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Katakana Lessons

Katakana Lessons

Katakana is very similar to Hiragana; you should be able to pick it up without too much trouble. Actually [begin: Clay's confession] I have never studied Katakana. But I can read it just fine. What do I mean - you ask? Well, in real written Japanese, Katakana is used very sparcely unless the subject has a lot of foreign words or names. So I picked up Katakana when I needed it. That is, when I came across katakana I would look it up. Because I read a lot, I was able to learn Katakana without specifically studying it! Sounds like I am trying to discourage you from studying, huh? Ok I will stop. Gambatte!

There are tons of FREE resources on the web. I encourage you to use them. Or if you really want to spend money, please take a look at the Kana section of our online shop.


SUGGESTIONS: Tackle 2 or 3 katakana a day (or as many as you feel comfortable with); Be sure to write each one down many times; Look for katakana you have studied elsewhere while you study and try to recognize the ones you've already learned. This helps build your memory.

You may want to hear all hiragana pronounced before beginning. However, if you've already learned the sounds for the hiragana, the sounds for katakana are exactly the same!

Click on the chapter title or green button in any box below to jump directly to that chapter.

And to finish up, a few closing pointers to cover the loose ends and bring it all together.

Download our FREE Katakana Flashcards and Practice Writing Pad

An Introduction:

Katakana is known as the more 'masculine' of the Japanese writing systems. This is because it is rigid with sharp turns. Katakana is mainly used for foreign loan-words and onomatopoeia (sound effects). For example: Cola is コーラ ko-ra. You will notice the dash in the middle of コ ko and ラ ra. This makes the コ ko longer in sound. If this is written in Hiragana, it would look as such: こうら koura. (In Hiragana the う u lengthens the previous character) Other than that, Hiragana and Katakana work and sound in the same way.

NOTE: You will need to be able to view Japanese Characters - Click here to find out how

Most sounds in Japanese are found also in English. Unlike English, the 'letters' in Japanese only have one sound, with a few exceptions that will be mentioned later on. Please click on the sound files to get a feel for the sounds. The most important to master are the vowels (the first row). The sounds are all found in English. Please repeat the sounds many times. If you spend a few moments looking at the chart, you should be able to see a clear pattern (each column has the same vowel sound and each row has the same consonant sound). チ (chi), ツ (tsu), ヲ (wo), and ン (n) are the only ones that deviate from the pattern.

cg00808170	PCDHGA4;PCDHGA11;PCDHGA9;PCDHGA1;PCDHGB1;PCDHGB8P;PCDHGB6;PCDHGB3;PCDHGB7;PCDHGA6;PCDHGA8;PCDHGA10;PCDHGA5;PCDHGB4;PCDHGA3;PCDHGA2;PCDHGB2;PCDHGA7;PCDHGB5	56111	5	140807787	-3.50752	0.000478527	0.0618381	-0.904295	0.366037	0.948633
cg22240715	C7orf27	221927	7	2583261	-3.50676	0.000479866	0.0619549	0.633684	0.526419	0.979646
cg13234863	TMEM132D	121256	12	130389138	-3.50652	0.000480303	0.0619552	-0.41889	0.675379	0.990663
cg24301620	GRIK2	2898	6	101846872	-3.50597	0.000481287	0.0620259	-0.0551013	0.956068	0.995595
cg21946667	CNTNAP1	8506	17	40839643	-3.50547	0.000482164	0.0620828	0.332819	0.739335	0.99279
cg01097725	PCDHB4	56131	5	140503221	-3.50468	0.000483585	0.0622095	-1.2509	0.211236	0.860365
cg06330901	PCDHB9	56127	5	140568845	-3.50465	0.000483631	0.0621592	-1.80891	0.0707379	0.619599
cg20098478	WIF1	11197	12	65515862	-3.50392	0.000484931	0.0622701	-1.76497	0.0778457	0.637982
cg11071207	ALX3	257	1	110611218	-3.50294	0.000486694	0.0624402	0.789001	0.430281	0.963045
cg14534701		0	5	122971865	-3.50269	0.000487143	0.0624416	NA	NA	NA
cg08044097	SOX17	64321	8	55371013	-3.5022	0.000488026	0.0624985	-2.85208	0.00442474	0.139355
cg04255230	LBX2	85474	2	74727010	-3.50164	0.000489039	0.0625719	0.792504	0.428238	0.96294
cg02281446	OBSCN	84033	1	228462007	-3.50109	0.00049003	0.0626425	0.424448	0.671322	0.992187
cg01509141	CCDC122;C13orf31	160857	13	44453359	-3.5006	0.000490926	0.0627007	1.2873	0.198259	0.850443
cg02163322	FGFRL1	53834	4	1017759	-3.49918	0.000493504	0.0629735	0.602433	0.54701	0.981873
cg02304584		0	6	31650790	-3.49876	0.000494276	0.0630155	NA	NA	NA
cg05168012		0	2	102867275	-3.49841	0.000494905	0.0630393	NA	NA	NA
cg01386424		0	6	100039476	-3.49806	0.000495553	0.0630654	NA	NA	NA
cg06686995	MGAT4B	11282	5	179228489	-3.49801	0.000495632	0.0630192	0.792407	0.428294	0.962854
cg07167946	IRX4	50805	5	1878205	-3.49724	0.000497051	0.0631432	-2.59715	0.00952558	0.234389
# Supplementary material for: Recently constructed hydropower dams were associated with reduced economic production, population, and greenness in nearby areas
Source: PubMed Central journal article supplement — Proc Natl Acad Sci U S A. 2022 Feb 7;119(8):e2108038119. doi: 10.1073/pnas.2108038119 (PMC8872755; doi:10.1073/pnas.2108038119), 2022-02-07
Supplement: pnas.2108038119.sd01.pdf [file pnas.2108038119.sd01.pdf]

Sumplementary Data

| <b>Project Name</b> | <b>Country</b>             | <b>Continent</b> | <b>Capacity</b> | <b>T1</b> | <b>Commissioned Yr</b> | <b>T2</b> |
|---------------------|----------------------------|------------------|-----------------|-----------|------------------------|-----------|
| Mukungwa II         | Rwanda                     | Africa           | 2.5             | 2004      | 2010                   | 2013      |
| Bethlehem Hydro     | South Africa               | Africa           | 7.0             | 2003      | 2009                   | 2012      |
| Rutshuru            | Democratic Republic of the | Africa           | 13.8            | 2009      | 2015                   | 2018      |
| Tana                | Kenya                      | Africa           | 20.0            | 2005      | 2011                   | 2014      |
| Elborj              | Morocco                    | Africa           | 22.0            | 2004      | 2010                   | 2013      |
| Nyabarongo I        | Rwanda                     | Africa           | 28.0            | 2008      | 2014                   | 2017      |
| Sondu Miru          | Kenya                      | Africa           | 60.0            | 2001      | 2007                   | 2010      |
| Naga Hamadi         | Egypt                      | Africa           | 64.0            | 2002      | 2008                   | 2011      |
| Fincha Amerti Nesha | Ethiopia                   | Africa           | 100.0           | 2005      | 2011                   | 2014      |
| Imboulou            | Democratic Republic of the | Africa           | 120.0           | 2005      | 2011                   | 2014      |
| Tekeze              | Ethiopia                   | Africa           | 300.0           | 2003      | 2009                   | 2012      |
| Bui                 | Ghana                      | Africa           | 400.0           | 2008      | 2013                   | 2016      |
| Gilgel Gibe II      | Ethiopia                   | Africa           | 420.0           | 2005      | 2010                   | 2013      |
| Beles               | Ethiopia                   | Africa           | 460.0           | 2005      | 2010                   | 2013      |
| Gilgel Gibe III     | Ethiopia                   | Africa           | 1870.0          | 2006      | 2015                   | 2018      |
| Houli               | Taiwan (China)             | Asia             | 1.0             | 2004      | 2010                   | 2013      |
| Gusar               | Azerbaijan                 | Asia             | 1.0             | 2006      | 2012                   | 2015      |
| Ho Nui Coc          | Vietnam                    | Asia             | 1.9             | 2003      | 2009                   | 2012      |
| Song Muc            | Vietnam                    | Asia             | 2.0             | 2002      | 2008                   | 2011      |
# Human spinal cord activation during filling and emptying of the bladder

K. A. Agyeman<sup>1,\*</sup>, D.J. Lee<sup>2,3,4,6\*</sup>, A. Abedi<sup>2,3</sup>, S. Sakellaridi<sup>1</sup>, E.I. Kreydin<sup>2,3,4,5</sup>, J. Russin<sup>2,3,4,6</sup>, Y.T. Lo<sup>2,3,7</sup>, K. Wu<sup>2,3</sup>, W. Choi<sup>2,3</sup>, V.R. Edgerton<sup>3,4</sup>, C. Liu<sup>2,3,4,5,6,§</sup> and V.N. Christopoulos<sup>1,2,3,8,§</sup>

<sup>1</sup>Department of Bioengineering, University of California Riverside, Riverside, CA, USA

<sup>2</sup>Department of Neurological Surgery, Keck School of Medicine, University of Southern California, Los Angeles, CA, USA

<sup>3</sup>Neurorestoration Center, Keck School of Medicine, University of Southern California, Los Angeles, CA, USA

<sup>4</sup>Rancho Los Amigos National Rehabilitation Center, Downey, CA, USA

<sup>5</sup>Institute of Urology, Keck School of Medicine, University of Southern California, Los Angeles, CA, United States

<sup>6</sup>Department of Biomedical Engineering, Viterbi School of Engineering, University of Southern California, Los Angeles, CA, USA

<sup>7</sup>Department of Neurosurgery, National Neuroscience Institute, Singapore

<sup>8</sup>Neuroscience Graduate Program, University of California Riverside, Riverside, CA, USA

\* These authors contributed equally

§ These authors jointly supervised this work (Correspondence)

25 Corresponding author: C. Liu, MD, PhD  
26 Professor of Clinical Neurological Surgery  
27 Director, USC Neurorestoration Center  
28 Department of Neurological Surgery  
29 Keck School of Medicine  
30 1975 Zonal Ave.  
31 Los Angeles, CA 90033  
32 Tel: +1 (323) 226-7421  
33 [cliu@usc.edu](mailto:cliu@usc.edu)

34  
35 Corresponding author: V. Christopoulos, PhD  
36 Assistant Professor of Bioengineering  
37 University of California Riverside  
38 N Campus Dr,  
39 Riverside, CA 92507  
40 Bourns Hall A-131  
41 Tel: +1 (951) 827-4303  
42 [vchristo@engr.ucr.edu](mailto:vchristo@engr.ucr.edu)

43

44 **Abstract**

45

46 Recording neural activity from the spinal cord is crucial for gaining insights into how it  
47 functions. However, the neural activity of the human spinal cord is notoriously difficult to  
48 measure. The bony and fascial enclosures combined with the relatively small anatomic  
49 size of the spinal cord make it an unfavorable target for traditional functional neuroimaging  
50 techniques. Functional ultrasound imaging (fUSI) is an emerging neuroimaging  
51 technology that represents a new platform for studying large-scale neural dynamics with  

These are all the basic katakana letters. The rest are simply combinations of two katakana. (For Example: to make the 'sha' sound - add (shi) + ヤ(ya) = シャ(sha) - Notice how the second letter is smaller; but we will look at this later.)

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SugoYari's picture


You make funny introductions, Clay. Quite funny...

And I agree, learning the Katakana is easy once you have Hiragana down, it's real simple because of how closely related they are!

I'll be writing all this down in my own system of writing on paper and share between myself and my boyfriend. I want him to know as much as possible, he has... A simple mind. Hahah. So this will be really simple to learn for him.

I thank you.


thanks. this and your example are realy helpful

Brooklyn's picture

Arigatou ! :D

ありがとう ございます !
It was really usefull, now I can start learning Kanji as I expected so. I had so much apprehension toward Kanji, now it's time to really go ahead !

Thank you Clay :)

clay's picture

You are very welcome!

You are very welcome!

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hey mr. clay.. i have noticed when a sentence is already constructed.. both katakana and hiragana are used aside from kanji.. why is that so?.. which is much more preferred to use?.. can you tell me when is katakana used?..

arigatou gozaimasu..

phreadom's picture

The quick answer is that

The quick answer is that katakana is generally used for things like foreign "borrowed" words, sound effects (onomatopoeia), emphasis (like italic or bold text might be used in English), etc.

Hiragana is generally used for showing which for a verb is in... like past, present, etc... and for words that don't have a kanji version... or when you're writing for beginners who haven't really learned kanji yet.

For writing general Japanese you should stick to using hiragana (and kanji) unless the word is a "borrowed" word that is usually written in katakana. For instance in the sentence "コーヒーを飲みたいと思います。" ("I want to drink some coffee."), you'll see that コーヒー, which is borrowed from 'coffee', is written in katakana.

(In Jim Breen's WWWJDIC and other dictionaries derived from it (like the Firefox plugin Rikaichan) you'll see a little "uk" next to the word which means "usually written in kana", but I'm not sure of a list that shows which words are usually written in katakana instead of hiragana.)

Hopefully this helps and maybe someone else can offer some better information about which words should be written in katakana. :)


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